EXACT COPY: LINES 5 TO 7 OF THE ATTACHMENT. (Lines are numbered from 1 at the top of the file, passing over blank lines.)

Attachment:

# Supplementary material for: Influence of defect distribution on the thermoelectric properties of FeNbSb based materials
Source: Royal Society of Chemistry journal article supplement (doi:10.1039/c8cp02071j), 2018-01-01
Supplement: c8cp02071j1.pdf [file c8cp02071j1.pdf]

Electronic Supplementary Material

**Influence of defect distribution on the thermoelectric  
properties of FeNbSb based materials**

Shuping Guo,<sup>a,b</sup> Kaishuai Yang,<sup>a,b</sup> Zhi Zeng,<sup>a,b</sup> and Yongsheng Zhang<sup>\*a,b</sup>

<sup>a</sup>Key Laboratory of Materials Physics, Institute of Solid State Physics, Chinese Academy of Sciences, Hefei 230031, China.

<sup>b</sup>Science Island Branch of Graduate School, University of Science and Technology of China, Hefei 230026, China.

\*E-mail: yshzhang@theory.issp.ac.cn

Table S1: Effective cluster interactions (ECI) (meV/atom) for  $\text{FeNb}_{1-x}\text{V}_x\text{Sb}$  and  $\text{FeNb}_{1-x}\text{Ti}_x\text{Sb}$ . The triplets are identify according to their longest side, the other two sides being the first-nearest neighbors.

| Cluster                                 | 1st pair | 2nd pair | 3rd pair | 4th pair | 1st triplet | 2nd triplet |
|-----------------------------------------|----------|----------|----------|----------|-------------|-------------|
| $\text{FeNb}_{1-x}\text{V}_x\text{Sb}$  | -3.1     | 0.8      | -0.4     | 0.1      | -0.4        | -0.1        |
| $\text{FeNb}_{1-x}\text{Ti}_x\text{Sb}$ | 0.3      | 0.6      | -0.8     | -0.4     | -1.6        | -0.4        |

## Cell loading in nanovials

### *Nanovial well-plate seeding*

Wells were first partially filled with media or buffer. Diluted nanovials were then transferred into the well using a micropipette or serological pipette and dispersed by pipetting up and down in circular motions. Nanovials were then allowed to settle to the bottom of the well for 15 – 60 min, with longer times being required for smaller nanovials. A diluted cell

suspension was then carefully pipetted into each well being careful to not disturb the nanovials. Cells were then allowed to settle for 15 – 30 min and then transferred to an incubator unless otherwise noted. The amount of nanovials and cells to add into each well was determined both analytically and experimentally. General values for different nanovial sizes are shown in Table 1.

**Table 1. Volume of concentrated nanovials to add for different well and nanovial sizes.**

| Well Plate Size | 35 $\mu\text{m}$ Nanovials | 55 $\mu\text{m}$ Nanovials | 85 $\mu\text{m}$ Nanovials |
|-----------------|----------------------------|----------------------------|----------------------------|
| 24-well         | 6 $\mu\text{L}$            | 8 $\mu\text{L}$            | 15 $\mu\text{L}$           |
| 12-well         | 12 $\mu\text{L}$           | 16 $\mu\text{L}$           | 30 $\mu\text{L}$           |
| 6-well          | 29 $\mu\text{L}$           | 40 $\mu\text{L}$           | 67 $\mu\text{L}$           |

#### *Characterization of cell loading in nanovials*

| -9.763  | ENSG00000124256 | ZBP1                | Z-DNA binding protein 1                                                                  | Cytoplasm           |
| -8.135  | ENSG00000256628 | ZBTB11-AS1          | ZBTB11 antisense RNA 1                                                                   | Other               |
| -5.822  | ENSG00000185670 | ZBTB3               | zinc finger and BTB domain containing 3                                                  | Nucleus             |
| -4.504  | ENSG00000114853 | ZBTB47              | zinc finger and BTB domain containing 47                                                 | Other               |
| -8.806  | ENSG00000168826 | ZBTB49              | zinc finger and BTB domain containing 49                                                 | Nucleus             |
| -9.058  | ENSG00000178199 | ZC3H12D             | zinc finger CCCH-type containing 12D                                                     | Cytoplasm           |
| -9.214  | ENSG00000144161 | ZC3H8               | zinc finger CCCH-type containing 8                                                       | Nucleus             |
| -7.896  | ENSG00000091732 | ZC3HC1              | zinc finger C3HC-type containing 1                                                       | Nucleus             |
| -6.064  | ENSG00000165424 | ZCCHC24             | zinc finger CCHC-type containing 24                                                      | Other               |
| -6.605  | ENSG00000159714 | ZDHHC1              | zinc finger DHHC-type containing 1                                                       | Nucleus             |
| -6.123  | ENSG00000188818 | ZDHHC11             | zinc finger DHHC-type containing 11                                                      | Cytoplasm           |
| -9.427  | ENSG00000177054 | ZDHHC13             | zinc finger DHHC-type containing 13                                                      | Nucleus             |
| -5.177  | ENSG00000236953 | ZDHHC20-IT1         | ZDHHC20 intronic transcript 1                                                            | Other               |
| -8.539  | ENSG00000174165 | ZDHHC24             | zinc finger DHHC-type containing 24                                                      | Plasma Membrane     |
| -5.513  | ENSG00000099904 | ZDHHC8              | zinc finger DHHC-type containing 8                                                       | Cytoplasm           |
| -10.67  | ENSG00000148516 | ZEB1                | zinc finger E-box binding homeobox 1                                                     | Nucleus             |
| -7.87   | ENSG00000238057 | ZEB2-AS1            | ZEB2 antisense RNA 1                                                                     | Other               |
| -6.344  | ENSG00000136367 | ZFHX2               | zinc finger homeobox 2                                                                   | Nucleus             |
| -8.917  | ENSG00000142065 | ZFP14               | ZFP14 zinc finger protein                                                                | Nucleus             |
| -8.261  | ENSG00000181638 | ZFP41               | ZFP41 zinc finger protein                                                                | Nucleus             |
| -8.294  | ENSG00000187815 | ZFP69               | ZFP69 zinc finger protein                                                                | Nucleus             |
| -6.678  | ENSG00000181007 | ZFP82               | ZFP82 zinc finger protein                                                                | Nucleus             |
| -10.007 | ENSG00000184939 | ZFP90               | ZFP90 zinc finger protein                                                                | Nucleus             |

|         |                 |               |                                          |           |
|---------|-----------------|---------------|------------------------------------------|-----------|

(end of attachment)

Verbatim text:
**Influence of defect distribution on the thermoelectric  
properties of FeNbSb based materials**

Shuping Guo,<sup>a,b</sup> Kaishuai Yang,<sup>a,b</sup> Zhi Zeng,<sup>a,b</sup> and Yongsheng Zhang<sup>\*a,b</sup>